Extension@YourService

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picture from DJExtension@YourService news column rolled out today in the Daily Journal! The following is a reprint of the first article. Watch for following columns on Thursdays!

Richmond County has a stronger agricultural industry than 75 percent of the rest of the counties in North Carolina, a state where agriculture is the most important industry at $70 billion. While supporting this industry, Richmond County farmers are similar to many business entrepreneurs, taking on a great amount of personal, financial and sometimes physical risk to sustain their business. Agriculture is also a very complicated business with many obstacles such as weather, disaster, regulation, pest invasion, labor shortages and much more.

According to the 2007 USDA Agriculture Census, the farmers in the county have $156 million in assets of land and buildings. The machinery that is used in various production systems adds assets of more than $18 million. Agricultural producers spent $8.7 million in production expenses, $1.2 million in utilities and $13.8 million in animal stock purchases in 2007. One can see that becoming a farmer requires more than a desire for a country lifestyle; farming requires capital, financing, education and good business sense.

According to North Carolina State University Agricultural and Resource Economics expert Mike Walden, in 2008 the added-value impact to Richmond County of agriculture/food, natural fiber and forestry industries was $1.09 billion accounting for 26.1 percent of the county value-added industry. Value-added refers to the amount of production inputs originating from Richmond County that were used to produce the crops and products. The animal agriculture sector including broilers, cattle, hogs and goats led the Richmond County agricultural industry with $122 million in sales in 2007; crop sales were valued at $5.3 million.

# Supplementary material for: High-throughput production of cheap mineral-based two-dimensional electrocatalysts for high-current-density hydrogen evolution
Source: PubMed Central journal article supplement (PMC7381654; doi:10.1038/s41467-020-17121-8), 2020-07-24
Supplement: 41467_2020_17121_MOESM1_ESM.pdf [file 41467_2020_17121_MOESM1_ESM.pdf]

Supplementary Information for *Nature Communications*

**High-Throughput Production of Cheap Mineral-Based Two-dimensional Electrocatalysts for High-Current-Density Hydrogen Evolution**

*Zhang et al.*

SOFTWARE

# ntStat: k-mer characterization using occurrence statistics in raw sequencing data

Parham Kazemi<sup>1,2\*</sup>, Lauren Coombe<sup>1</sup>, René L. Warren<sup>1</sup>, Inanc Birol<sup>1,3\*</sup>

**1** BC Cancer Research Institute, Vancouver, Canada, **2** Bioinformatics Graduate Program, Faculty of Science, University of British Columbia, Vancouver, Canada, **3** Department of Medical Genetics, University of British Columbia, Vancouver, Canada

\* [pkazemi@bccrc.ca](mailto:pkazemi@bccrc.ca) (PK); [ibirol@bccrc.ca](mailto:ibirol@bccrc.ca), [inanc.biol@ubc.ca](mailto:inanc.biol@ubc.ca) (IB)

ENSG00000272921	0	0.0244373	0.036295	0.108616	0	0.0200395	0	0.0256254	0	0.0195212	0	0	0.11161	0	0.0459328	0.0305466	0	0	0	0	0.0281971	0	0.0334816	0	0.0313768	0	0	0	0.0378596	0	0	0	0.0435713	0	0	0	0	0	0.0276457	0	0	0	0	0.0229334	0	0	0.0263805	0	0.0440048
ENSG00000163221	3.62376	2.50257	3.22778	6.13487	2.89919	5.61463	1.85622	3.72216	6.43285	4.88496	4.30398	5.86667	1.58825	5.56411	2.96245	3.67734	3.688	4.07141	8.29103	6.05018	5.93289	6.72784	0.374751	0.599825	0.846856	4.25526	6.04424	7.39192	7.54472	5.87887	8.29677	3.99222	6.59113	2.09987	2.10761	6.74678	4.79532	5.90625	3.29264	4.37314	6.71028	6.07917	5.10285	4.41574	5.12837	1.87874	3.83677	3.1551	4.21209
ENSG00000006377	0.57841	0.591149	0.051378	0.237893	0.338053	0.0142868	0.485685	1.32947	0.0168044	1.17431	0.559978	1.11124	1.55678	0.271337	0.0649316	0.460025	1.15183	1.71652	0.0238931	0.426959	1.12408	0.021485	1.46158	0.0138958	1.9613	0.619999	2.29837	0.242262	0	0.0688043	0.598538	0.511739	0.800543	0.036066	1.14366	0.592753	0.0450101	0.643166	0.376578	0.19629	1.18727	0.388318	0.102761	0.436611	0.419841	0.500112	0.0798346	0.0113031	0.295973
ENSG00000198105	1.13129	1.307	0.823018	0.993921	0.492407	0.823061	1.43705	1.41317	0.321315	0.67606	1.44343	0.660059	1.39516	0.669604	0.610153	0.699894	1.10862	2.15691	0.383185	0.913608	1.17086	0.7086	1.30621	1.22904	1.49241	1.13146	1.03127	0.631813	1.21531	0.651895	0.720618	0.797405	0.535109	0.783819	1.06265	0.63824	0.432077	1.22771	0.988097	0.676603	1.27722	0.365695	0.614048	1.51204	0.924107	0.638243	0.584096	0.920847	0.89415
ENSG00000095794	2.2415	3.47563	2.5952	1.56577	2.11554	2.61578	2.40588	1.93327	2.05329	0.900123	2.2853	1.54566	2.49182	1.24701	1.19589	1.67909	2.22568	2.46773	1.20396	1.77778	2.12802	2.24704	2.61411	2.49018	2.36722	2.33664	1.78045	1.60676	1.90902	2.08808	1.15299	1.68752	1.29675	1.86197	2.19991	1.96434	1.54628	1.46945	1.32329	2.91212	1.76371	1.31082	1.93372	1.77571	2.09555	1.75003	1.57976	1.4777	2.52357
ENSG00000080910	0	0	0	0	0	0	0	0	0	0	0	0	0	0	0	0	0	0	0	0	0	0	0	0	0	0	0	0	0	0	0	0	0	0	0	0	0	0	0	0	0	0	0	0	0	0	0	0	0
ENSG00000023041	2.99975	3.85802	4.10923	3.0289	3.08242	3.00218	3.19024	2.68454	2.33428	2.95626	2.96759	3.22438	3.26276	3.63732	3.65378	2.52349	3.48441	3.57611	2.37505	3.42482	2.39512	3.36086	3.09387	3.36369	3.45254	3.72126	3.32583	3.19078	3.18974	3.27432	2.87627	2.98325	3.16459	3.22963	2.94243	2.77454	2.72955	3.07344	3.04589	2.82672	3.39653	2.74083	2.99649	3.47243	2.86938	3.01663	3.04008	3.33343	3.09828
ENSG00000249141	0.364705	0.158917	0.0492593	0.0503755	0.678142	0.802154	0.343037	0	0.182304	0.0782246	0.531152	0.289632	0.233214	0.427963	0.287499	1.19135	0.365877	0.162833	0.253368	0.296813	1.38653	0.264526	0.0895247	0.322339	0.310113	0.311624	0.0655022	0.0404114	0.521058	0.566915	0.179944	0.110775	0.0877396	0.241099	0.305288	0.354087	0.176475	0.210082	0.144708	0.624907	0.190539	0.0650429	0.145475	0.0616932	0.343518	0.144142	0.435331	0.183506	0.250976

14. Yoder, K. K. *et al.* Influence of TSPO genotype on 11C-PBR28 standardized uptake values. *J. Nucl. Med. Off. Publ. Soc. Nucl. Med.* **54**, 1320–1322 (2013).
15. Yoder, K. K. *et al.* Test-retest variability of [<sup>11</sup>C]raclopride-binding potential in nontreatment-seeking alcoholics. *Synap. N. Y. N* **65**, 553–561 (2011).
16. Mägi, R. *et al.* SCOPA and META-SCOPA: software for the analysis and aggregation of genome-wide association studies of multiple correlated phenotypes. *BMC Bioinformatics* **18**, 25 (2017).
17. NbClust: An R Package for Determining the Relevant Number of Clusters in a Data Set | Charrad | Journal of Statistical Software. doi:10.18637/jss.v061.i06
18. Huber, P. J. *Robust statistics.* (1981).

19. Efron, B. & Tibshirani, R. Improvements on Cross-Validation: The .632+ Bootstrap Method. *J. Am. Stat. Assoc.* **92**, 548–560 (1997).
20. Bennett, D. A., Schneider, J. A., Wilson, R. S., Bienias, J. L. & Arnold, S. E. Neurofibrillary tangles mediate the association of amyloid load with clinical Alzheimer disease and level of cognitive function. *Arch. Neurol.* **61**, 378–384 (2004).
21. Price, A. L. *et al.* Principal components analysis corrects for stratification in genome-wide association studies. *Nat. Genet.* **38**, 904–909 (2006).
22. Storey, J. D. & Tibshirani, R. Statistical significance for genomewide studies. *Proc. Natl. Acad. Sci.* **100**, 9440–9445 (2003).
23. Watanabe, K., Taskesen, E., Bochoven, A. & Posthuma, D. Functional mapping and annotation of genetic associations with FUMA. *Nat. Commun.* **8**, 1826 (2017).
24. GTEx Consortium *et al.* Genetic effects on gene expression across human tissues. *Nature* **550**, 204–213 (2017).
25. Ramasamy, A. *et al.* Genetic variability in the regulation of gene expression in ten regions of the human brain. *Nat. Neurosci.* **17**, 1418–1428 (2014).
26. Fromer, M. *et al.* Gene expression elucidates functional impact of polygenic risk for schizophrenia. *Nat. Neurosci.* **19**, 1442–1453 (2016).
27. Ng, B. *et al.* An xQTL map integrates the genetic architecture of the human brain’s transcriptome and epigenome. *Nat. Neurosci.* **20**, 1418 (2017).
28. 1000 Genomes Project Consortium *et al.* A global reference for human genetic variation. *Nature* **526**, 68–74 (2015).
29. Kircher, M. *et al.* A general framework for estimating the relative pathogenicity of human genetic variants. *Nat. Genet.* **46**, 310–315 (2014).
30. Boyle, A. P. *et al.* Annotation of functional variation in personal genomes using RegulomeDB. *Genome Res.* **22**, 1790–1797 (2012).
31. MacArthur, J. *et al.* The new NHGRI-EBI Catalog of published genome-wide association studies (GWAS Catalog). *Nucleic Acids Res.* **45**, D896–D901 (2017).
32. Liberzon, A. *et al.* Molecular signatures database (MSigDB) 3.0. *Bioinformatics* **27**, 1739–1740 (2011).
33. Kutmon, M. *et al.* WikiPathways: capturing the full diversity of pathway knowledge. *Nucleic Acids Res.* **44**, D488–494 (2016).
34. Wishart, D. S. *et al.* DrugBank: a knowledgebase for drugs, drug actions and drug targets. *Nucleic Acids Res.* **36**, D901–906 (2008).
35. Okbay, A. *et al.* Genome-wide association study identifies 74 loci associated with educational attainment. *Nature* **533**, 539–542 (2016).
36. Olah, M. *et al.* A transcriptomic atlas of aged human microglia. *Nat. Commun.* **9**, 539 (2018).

Walden uses IMPLAN computer modeling to develop agricultural data for each county in North Carolina. He found that in 2008, jobs in the Richmond County agricultural industry accounted for 22.4 percent of the employment in the county with a total of 4,324 workers.

Principal operators are an average age of 58.6, are mostly white males and run the 400 farm operations in the county. 194 of them have been farming for 10 or more years, with an average of 19.6 years of farming experience in the group. 118 principal operators are women, a statistic that mirrors the rest of the country where the number of women running the farm has tripled in the past 30 years. According to the last agricultural census, there were 40,904 acres in agricultural production in Richmond County.

The most uniform and impartial method of determining agricultural production, expenses, ownership and practices is through the USDA Agriculture Census, which has been federally mandated since 1840 and conducted every five years. The results from the 2012 census will be published in February 2014 and will give us a picture of how our agricultural industry is growing and changing over the period of 2007 to 2012. The census survey is given to all residents who have produced $1,000 worth of agricultural product that has been sold or could be sold.

Until the new census is produced, Richmond County can proudly claim the distinction of being 6th in the state in production of poultry broilers, 12th in livestock, dairy and poultry, 25th in hogs and pigs, 30th in vegetables, fruits, nuts and berries and 25th overall in agricultural cash receipts (USDA, 2011).

The Richmond County Cooperative Extension Office helps provide research-based education and technology to the producers and citizens of this great county. The office is located at 123 Caroline St. in Rockingham, and can be reached at 910-997-8255 or richmondces@ncsu.edu for more information.

Written By

Photo of Susan Kelly, N.C. Cooperative ExtensionSusan KellyCounty Extension Director, Richmond & Interim County Extension Director, Union (910) 997-8255 (Office) susan_kelly@ncsu.eduRichmond County, North Carolina
Updated on Sep 3, 2013
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